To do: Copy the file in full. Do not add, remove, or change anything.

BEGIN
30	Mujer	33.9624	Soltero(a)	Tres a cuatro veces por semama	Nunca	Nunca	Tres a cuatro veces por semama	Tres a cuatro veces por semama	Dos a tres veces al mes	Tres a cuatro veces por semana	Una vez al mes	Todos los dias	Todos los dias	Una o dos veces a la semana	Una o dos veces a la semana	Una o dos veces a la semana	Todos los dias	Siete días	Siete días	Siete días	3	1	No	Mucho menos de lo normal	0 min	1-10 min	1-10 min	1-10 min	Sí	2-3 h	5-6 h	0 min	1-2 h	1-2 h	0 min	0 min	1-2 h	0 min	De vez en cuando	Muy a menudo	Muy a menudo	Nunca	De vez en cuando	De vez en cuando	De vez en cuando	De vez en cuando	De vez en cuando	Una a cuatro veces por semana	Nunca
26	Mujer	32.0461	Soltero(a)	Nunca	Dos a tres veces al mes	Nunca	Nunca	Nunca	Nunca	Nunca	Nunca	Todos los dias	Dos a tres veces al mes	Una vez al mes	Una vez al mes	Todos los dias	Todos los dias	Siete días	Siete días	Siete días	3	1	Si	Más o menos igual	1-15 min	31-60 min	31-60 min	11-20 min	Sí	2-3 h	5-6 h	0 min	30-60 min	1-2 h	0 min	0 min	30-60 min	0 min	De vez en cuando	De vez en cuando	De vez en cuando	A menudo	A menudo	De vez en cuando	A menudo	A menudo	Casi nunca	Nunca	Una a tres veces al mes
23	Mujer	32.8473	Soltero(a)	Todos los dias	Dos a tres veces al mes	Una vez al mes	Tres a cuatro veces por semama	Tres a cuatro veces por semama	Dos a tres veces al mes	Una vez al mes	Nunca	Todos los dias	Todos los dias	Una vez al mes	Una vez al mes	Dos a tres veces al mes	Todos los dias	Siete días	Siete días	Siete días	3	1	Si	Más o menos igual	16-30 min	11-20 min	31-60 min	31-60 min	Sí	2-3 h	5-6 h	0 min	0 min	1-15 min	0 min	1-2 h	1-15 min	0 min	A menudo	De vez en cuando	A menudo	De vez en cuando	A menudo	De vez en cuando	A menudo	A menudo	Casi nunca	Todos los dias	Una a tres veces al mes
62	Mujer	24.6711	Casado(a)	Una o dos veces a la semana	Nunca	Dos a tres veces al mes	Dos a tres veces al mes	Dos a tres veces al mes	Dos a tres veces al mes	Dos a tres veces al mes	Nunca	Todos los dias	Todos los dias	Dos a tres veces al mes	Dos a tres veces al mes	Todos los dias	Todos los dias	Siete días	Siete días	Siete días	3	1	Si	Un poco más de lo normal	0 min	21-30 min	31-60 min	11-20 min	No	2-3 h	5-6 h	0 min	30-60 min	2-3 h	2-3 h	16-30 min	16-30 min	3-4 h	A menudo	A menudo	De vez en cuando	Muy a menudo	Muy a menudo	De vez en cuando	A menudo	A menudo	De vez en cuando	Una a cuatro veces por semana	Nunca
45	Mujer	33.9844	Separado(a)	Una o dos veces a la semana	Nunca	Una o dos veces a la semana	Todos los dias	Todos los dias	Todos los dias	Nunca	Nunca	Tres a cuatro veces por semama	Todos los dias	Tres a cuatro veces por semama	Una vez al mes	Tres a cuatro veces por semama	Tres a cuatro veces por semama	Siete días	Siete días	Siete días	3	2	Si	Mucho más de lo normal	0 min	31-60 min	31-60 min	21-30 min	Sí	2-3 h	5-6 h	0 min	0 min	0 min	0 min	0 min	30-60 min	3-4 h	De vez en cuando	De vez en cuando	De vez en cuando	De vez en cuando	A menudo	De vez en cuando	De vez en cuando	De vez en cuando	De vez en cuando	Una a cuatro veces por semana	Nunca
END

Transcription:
30	Mujer	33.9624	Soltero(a)	Tres a cuatro veces por semama	Nunca	Nunca	Tres a cuatro veces por semama	Tres a cuatro veces por semama	Dos a tres veces al mes	Tres a cuatro veces por semana	Una vez al mes	Todos los dias	Todos los dias	Una o dos veces a la semana	Una o dos veces a la semana	Una o dos veces a la semana	Todos los dias	Siete días	Siete días	Siete días	3	1	No	Mucho menos de lo normal	0 min	1-10 min	1-10 min	1-10 min	Sí	2-3 h	5-6 h	0 min	1-2 h	1-2 h	0 min	0 min	1-2 h	0 min	De vez en cuando	Muy a menudo	Muy a menudo	Nunca	De vez en cuando	De vez en cuando	De vez en cuando	De vez en cuando	De vez en cuando	Una a cuatro veces por semana	Nunca
26	Mujer	32.0461	Soltero(a)	Nunca	Dos a tres veces al mes	Nunca	Nunca	Nunca	Nunca	Nunca	Nunca	Todos los dias	Dos a tres veces al mes	Una vez al mes	Una vez al mes	Todos los dias	Todos los dias	Siete días	Siete días	Siete días	3	1	Si	Más o menos igual	1-15 min	31-60 min	31-60 min	11-20 min	Sí	2-3 h	5-6 h	0 min	30-60 min	1-2 h	0 min	0 min	30-60 min	0 min	De vez en cuando	De vez en cuando	De vez en cuando	A menudo	A menudo	De vez en cuando	A menudo	A menudo	Casi nunca	Nunca	Una a tres veces al mes
23	Mujer	32.8473	Soltero(a)	Todos los dias	Dos a tres veces al mes	Una vez al mes	Tres a cuatro veces por semama	Tres a cuatro veces por semama	Dos a tres veces al mes	Una vez al mes	Nunca	Todos los dias	Todos los dias	Una vez al mes	Una vez al mes	Dos a tres veces al mes	Todos los dias	Siete días	Siete días	Siete días	3	1	Si	Más o menos igual	16-30 min	11-20 min	31-60 min	31-60 min	Sí	2-3 h	5-6 h	0 min	0 min	1-15 min	0 min	1-2 h	1-15 min	0 min	A menudo	De vez en cuando	A menudo	De vez en cuando	A menudo	De vez en cuando	A menudo	A menudo	Casi nunca	Todos los dias	Una a tres veces al mes
62	Mujer	24.6711	Casado(a)	Una o dos veces a la semana	Nunca	Dos a tres veces al mes	Dos a tres veces al mes	Dos a tres veces al mes	Dos a tres veces al mes	Dos a tres veces al mes	Nunca	Todos los dias	Todos los dias	Dos a tres veces al mes	Dos a tres veces al mes	Todos los dias	Todos los dias	Siete días	Siete días	Siete días	3	1	Si	Un poco más de lo normal	0 min	21-30 min	31-60 min	11-20 min	No	2-3 h	5-6 h	0 min	30-60 min	2-3 h	2-3 h	16-30 min	16-30 min	3-4 h	A menudo	A menudo	De vez en cuando	Muy a menudo	Muy a menudo	De vez en cuando	A menudo	A menudo	De vez en cuando	Una a cuatro veces por semana	Nunca
45	Mujer	33.9844	Separado(a)	Una o dos veces a la semana	Nunca	Una o dos veces a la semana	Todos los dias	Todos los dias	Todos los dias	Nunca	Nunca	Tres a cuatro veces por semama	Todos los dias	Tres a cuatro veces por semama	Una vez al mes	Tres a cuatro veces por semama	Tres a cuatro veces por semama	Siete días	Siete días	Siete días	3	2	Si	Mucho más de lo normal	0 min	31-60 min	31-60 min	21-30 min	Sí	2-3 h	5-6 h	0 min	0 min	0 min	0 min	0 min	30-60 min	3-4 h	De vez en cuando	De vez en cuando	De vez en cuando	De vez en cuando	A menudo	De vez en cuando	De vez en cuando	De vez en cuando	De vez en cuando	Una a cuatro veces por semana	Nunca